The first Brooklyn BagelFest took place at Bushwick Generator on September 8, between 10 a.m and 2 p.m. with over 300 attendees and over 500 bagels consumed. The festival was put together by the main organizer Sam Silverman, who goes by the nickname The Bagel Borg.
Silverman describes himself as a bagel-enthusiast, and he decided to host a bagel festival after realizing that there were no bagel festivities in New York City, a city known for its terrible public transportation and delicious bagels.
“I love bagels. I was very shocked about [Sam Silverman’s] story about how there is not another bagel festival already,” said Jess Forden, one of the attendees, about the festival. “When we think about New York, we think about bagels. We have a festival for literally everything else here.”
The tickets for the first ever bagel festival were $10, and included unlimited bagels, various kinds of cream cheese, beer, and the whole experience.
The bagel pool and the bagel piñata were part of the experience on the first floor, along with hundreds of bagels. Second floor hosted all the morning beer and bagel themed games.
After the bagel piñata was smashed, it revealed cut bagel pieces inside, Silverman said, “The more ridiculous the better. This is all about fun. Bagels are not that serious; they are something we all love, and something we all joke about. So the sillier, the better.”
Bagel shops all around the city participated in the event with their bagels. David’s Bagels, Bagel Pub, Terrace Bagels, Absolute Bagels, Ess-a-Bagel, and Bagels & Schmear were among the participating bagel shops. BagelFest also collaborated with Think Coffee and Evian.
“I wanted to do this [the festival] in Brooklyn, and I wanted to do something that was central for a bunch of different shops,” said Silverman about the location of the event.
Silverman thanked the people participating in the event, and talked about his family’s history about the bagels as well.
“My grand-grandfather was a Russian immigrant, and he came over. He made his living here by making bagels. I actually just learned this yesterday,” he said.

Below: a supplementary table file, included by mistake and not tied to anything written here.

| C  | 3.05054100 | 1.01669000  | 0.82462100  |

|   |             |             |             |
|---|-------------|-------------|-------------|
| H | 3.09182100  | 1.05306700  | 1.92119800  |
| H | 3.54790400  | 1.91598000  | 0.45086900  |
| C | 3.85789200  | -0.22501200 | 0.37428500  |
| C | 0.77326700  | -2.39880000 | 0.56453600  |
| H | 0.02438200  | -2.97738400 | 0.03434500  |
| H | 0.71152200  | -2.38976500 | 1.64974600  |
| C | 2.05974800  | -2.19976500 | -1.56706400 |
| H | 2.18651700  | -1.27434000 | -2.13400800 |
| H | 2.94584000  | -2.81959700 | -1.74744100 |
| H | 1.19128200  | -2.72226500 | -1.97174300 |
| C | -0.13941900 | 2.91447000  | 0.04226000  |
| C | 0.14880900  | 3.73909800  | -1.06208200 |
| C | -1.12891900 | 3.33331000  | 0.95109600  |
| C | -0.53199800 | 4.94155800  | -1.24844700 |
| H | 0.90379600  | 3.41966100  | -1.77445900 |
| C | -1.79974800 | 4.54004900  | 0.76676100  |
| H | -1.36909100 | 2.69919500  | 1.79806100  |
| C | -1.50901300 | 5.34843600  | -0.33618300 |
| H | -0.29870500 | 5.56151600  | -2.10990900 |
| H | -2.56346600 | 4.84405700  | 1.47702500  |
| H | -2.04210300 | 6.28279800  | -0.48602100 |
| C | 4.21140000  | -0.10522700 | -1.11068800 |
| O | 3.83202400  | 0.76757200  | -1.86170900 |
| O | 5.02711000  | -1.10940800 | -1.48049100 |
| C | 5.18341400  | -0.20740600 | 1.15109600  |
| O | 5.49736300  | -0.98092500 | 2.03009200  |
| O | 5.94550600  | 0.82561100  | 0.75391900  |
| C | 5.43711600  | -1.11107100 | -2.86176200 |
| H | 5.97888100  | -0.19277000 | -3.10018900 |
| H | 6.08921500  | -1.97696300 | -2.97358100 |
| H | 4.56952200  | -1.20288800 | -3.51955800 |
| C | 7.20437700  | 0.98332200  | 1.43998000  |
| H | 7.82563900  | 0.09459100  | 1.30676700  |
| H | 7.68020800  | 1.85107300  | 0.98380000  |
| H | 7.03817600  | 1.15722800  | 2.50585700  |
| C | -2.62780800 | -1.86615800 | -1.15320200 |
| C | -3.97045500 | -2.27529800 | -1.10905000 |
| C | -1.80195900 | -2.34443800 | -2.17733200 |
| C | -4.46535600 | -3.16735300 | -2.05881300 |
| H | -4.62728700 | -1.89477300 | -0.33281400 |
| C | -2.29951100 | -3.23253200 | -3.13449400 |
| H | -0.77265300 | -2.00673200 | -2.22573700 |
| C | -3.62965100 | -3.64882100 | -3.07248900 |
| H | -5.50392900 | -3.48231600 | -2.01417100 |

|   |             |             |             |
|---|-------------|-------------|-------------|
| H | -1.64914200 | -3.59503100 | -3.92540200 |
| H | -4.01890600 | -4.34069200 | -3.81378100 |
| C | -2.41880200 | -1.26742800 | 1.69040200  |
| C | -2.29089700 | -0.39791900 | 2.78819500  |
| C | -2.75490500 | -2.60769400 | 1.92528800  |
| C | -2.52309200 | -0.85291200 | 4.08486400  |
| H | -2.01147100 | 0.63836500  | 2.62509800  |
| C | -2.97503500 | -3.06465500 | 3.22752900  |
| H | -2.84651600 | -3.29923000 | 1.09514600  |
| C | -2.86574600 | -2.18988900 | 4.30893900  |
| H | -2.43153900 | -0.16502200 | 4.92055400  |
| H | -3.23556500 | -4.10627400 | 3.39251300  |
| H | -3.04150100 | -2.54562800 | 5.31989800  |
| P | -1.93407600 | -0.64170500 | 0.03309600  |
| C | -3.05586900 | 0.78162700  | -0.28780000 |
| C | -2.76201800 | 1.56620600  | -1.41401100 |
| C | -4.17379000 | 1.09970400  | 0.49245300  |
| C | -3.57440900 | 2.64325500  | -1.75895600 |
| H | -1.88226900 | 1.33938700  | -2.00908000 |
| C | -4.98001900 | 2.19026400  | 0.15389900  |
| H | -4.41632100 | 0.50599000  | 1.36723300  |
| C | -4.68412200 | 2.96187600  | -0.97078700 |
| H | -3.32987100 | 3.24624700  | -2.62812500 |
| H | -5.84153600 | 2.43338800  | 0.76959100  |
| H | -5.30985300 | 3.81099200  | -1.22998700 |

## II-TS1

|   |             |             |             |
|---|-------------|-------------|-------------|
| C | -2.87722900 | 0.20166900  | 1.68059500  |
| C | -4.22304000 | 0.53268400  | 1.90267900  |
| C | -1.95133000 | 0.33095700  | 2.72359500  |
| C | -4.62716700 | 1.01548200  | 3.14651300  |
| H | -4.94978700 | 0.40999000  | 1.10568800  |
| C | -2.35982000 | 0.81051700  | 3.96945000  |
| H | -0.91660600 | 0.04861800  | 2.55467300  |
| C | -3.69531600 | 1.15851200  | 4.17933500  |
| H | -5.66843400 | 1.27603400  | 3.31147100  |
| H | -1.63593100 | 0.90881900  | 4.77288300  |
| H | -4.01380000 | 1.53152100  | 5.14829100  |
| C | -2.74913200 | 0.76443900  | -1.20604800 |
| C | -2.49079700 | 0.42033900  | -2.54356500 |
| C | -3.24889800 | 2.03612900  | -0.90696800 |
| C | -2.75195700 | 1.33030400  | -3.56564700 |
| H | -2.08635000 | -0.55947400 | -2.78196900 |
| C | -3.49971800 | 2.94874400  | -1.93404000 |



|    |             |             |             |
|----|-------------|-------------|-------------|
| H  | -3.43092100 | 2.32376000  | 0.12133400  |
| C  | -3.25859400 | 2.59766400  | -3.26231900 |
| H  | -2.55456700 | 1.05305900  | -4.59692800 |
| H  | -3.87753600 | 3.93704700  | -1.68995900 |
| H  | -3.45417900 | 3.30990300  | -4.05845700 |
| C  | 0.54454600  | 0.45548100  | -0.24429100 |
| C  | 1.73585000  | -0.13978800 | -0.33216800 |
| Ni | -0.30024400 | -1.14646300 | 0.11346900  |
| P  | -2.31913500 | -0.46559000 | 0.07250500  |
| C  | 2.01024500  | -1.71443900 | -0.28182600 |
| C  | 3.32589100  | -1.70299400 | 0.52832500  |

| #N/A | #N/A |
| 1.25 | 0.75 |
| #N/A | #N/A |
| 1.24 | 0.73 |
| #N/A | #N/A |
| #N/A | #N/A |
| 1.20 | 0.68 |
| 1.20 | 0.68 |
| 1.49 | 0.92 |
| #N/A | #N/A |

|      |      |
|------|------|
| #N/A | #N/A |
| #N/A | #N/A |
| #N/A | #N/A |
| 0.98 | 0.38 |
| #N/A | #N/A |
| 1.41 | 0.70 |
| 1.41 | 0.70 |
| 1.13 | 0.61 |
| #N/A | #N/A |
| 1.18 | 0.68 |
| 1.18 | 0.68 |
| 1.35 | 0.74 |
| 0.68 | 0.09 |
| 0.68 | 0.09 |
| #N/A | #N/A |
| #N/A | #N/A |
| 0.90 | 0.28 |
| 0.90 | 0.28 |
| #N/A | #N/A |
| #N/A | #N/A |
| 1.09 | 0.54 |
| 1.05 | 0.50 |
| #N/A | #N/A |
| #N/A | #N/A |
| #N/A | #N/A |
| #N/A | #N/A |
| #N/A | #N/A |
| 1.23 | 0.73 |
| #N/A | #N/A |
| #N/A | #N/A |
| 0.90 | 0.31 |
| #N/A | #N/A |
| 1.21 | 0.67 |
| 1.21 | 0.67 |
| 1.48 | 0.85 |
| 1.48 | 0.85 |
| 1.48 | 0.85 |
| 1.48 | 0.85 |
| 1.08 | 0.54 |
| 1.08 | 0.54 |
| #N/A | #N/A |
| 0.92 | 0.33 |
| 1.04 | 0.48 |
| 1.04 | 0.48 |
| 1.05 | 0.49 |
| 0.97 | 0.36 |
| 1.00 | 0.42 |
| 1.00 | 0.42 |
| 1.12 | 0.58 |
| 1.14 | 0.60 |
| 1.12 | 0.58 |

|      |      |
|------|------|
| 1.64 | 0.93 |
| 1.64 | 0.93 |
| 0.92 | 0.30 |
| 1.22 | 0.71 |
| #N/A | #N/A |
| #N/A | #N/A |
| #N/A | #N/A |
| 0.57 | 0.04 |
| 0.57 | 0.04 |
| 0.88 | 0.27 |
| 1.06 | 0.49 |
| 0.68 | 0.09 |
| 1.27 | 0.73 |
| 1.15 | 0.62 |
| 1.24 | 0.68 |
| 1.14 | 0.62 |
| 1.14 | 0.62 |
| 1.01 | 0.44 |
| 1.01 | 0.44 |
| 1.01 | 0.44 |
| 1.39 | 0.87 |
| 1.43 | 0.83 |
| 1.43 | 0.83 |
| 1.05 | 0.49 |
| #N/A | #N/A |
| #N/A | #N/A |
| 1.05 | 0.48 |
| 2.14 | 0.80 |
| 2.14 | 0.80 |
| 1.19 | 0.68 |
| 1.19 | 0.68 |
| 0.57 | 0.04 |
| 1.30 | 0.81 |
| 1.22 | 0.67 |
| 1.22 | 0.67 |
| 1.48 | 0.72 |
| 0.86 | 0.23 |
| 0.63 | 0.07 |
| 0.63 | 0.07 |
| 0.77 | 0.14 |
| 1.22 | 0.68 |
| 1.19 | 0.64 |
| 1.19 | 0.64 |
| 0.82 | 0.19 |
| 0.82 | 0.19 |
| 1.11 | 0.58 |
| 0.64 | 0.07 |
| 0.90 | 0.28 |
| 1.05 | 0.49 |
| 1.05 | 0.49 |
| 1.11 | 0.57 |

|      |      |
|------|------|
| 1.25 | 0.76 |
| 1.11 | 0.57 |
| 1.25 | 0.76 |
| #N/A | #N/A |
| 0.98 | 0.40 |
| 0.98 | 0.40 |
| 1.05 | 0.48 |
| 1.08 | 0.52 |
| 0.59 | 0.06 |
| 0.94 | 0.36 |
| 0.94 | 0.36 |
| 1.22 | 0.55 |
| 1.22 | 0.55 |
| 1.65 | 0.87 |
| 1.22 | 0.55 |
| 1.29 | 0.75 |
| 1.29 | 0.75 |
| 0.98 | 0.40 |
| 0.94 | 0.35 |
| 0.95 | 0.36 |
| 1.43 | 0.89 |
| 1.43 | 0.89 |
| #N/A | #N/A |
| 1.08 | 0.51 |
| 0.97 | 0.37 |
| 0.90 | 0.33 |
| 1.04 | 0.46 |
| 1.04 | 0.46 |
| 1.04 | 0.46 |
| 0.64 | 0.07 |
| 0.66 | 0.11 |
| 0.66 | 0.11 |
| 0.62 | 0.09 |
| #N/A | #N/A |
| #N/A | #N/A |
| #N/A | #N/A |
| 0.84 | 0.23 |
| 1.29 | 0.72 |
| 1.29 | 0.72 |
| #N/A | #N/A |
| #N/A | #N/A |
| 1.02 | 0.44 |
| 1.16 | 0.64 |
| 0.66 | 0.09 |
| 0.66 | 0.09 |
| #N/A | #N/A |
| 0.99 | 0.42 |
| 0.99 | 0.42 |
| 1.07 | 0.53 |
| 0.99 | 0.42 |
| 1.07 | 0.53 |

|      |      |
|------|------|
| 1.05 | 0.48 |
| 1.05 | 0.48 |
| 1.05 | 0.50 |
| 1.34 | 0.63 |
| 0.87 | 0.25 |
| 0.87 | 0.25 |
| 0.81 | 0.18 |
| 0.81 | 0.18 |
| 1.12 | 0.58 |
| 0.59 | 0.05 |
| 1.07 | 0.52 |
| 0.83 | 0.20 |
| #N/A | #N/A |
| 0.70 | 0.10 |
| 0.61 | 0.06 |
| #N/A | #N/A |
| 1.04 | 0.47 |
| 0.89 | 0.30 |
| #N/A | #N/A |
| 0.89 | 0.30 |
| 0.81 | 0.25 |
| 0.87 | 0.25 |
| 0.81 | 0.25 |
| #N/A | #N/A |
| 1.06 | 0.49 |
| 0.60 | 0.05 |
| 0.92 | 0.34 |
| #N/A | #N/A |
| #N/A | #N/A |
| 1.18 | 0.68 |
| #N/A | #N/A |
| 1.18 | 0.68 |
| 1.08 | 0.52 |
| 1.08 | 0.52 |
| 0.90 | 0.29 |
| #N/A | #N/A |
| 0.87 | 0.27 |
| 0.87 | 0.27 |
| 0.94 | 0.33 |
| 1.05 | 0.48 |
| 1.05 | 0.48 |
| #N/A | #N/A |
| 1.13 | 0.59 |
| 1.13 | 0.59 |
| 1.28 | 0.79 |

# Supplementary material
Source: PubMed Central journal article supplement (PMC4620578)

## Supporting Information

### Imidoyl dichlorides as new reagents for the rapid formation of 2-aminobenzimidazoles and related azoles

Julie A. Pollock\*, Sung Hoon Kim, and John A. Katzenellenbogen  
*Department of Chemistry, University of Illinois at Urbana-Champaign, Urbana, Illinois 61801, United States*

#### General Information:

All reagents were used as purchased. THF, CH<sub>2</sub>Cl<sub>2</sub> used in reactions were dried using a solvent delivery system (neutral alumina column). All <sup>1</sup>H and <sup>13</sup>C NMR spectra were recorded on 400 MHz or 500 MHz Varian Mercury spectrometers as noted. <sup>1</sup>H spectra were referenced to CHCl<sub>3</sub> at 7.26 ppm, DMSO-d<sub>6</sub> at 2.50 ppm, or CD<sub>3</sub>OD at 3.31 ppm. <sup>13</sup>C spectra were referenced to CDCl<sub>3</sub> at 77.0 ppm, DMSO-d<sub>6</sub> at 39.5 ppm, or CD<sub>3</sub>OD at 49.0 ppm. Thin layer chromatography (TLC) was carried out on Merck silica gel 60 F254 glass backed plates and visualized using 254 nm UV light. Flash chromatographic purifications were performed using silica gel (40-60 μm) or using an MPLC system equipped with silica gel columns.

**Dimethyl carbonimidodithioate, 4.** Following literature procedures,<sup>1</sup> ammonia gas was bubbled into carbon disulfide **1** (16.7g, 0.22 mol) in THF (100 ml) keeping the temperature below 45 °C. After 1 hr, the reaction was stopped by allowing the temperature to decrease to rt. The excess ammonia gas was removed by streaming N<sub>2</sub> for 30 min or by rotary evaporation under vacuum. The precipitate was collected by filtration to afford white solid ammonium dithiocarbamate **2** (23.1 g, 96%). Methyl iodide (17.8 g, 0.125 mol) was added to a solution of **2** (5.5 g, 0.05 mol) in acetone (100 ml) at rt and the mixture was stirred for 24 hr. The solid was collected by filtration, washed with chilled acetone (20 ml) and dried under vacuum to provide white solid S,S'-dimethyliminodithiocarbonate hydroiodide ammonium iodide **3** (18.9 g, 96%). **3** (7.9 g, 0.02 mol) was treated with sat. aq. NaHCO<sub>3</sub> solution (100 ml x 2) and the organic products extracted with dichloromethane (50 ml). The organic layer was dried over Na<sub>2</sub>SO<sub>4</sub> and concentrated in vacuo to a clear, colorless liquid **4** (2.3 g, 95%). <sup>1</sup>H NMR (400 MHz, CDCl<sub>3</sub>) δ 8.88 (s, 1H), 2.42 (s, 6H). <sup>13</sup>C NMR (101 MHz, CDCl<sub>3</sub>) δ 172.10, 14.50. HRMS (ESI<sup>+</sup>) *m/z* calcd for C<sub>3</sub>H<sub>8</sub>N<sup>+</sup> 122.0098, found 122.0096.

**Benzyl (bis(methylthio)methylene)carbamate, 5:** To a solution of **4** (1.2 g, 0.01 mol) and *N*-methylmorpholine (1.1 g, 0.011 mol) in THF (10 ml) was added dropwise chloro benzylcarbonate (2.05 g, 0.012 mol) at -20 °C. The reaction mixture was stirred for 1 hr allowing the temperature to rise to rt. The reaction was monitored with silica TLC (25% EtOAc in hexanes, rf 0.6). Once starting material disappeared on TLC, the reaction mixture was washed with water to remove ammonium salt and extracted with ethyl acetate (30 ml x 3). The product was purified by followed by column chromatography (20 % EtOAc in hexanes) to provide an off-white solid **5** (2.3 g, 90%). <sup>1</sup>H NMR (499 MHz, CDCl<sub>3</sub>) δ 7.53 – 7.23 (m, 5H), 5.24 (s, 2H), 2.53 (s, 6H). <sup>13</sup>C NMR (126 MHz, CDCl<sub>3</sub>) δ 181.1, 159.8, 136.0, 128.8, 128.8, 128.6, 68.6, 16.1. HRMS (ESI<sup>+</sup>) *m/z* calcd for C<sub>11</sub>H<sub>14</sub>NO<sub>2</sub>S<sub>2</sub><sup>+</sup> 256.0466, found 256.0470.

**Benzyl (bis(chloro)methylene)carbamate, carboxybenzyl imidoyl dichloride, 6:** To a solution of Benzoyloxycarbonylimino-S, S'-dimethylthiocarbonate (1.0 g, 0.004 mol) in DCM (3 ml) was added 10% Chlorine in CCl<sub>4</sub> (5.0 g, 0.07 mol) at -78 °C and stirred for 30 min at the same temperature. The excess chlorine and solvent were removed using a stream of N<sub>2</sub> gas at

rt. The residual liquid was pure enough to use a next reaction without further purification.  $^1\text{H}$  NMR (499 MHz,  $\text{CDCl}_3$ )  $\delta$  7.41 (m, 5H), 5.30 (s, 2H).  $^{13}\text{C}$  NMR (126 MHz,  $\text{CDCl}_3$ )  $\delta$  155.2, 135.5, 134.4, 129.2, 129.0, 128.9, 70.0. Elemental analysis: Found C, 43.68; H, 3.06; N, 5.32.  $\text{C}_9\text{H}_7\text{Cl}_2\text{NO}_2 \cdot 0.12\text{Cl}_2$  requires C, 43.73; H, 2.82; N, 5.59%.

Silverman is not only the organizer of the Brooklyn BagelFest, but also the face and founder of Brooklyn Bagel Blog.
“[Silverman] loves his bagels with great passion,” said Steven Avalos, who helps Silverman with shooting his bagel reviews on YouTube. Silverman describes himself as “a finely-tuned, highly-calibrated bagel-eating machine on a mission to find the best bagel in the universe.” Also, there is a map of every bagel story in the city on Brooklyn Bagel Blog’s website.
People attending the festival seemed to be enjoying the mix of bagels and beer on a Sunday morning.
When asked how she found out about the festival, Olivia Picard replied, “I found the event through a website. I was very curious about what a bagel festival would be like because I never heard of it. Also, I do love bagels, of course, that is why I am here.”
Some guests were curious about how it was possible to turn an everyday breakfast item into a whole festival before coming to the event. “I was definitely curious to find out what I would walk into. I found the bagel pool and bagel games very interesting,” said Elisabeth Fuentes.
Silverman stated that he was happy about the turnout for the festival. “Next year, we definitely want to make it a lot bigger, a lot better.”
The next festival is aiming for spring; follow the Brooklyn Bagel Blog on Instagram for updates.
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